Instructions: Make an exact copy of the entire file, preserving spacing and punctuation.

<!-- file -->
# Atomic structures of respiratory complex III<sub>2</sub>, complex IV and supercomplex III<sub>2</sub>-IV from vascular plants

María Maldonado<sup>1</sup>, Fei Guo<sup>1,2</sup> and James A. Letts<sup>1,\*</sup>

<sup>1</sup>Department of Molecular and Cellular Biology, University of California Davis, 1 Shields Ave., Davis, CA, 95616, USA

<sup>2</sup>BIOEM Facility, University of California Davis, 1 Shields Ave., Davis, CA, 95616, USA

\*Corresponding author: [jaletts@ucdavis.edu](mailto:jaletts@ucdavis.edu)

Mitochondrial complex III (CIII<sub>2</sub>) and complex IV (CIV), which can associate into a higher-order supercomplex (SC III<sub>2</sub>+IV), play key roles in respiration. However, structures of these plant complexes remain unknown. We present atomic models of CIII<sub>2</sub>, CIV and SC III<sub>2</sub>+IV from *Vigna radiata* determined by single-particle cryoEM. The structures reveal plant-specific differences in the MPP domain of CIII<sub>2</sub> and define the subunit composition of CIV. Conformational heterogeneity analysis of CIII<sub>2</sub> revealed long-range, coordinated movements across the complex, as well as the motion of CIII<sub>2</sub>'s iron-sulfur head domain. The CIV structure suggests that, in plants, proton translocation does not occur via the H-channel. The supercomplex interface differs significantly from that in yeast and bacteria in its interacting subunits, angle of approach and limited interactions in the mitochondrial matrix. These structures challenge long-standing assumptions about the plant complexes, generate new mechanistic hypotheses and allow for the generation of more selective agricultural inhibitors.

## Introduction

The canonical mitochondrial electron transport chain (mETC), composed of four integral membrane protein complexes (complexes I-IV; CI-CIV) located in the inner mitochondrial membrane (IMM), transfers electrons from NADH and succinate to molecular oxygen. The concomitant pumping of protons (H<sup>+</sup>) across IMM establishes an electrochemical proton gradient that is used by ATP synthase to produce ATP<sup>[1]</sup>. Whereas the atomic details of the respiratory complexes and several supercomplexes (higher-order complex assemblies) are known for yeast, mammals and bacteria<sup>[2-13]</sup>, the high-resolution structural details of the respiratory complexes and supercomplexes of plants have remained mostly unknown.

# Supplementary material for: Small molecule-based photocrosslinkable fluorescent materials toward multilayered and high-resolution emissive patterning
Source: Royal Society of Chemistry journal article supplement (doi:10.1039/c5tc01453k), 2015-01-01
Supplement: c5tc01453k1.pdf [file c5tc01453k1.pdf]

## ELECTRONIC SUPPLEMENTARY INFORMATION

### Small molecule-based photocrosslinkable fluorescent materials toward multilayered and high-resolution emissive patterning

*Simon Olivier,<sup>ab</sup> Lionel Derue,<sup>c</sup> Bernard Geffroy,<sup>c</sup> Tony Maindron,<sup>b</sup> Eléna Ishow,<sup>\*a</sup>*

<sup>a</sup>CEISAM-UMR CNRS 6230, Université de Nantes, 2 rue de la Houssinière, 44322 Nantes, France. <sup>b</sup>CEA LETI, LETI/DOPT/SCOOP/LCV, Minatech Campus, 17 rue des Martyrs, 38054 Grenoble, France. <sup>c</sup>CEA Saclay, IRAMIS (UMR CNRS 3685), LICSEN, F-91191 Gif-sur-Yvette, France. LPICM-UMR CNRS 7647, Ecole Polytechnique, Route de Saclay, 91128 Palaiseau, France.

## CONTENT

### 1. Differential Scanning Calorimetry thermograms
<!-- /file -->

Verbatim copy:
# Atomic structures of respiratory complex III<sub>2</sub>, complex IV and supercomplex III<sub>2</sub>-IV from vascular plants

María Maldonado<sup>1</sup>, Fei Guo<sup>1,2</sup> and James A. Letts<sup>1,\*</sup>

<sup>1</sup>Department of Molecular and Cellular Biology, University of California Davis, 1 Shields Ave., Davis, CA, 95616, USA

<sup>2</sup>BIOEM Facility, University of California Davis, 1 Shields Ave., Davis, CA, 95616, USA

\*Corresponding author: [jaletts@ucdavis.edu](mailto:jaletts@ucdavis.edu)

Mitochondrial complex III (CIII<sub>2</sub>) and complex IV (CIV), which can associate into a higher-order supercomplex (SC III<sub>2</sub>+IV), play key roles in respiration. However, structures of these plant complexes remain unknown. We present atomic models of CIII<sub>2</sub>, CIV and SC III<sub>2</sub>+IV from *Vigna radiata* determined by single-particle cryoEM. The structures reveal plant-specific differences in the MPP domain of CIII<sub>2</sub> and define the subunit composition of CIV. Conformational heterogeneity analysis of CIII<sub>2</sub> revealed long-range, coordinated movements across the complex, as well as the motion of CIII<sub>2</sub>'s iron-sulfur head domain. The CIV structure suggests that, in plants, proton translocation does not occur via the H-channel. The supercomplex interface differs significantly from that in yeast and bacteria in its interacting subunits, angle of approach and limited interactions in the mitochondrial matrix. These structures challenge long-standing assumptions about the plant complexes, generate new mechanistic hypotheses and allow for the generation of more selective agricultural inhibitors.

## Introduction

The canonical mitochondrial electron transport chain (mETC), composed of four integral membrane protein complexes (complexes I-IV; CI-CIV) located in the inner mitochondrial membrane (IMM), transfers electrons from NADH and succinate to molecular oxygen. The concomitant pumping of protons (H<sup>+</sup>) across IMM establishes an electrochemical proton gradient that is used by ATP synthase to produce ATP<sup>[1]</sup>. Whereas the atomic details of the respiratory complexes and several supercomplexes (higher-order complex assemblies) are known for yeast, mammals and bacteria<sup>[2-13]</sup>, the high-resolution structural details of the respiratory complexes and supercomplexes of plants have remained mostly unknown.

# Supplementary material for: Small molecule-based photocrosslinkable fluorescent materials toward multilayered and high-resolution emissive patterning
Source: Royal Society of Chemistry journal article supplement (doi:10.1039/c5tc01453k), 2015-01-01
Supplement: c5tc01453k1.pdf [file c5tc01453k1.pdf]

## ELECTRONIC SUPPLEMENTARY INFORMATION

### Small molecule-based photocrosslinkable fluorescent materials toward multilayered and high-resolution emissive patterning

*Simon Olivier,<sup>ab</sup> Lionel Derue,<sup>c</sup> Bernard Geffroy,<sup>c</sup> Tony Maindron,<sup>b</sup> Eléna Ishow,<sup>\*a</sup>*

<sup>a</sup>CEISAM-UMR CNRS 6230, Université de Nantes, 2 rue de la Houssinière, 44322 Nantes, France. <sup>b</sup>CEA LETI, LETI/DOPT/SCOOP/LCV, Minatech Campus, 17 rue des Martyrs, 38054 Grenoble, France. <sup>c</sup>CEA Saclay, IRAMIS (UMR CNRS 3685), LICSEN, F-91191 Gif-sur-Yvette, France. LPICM-UMR CNRS 7647, Ecole Polytechnique, Route de Saclay, 91128 Palaiseau, France.

## CONTENT

### 1. Differential Scanning Calorimetry thermograms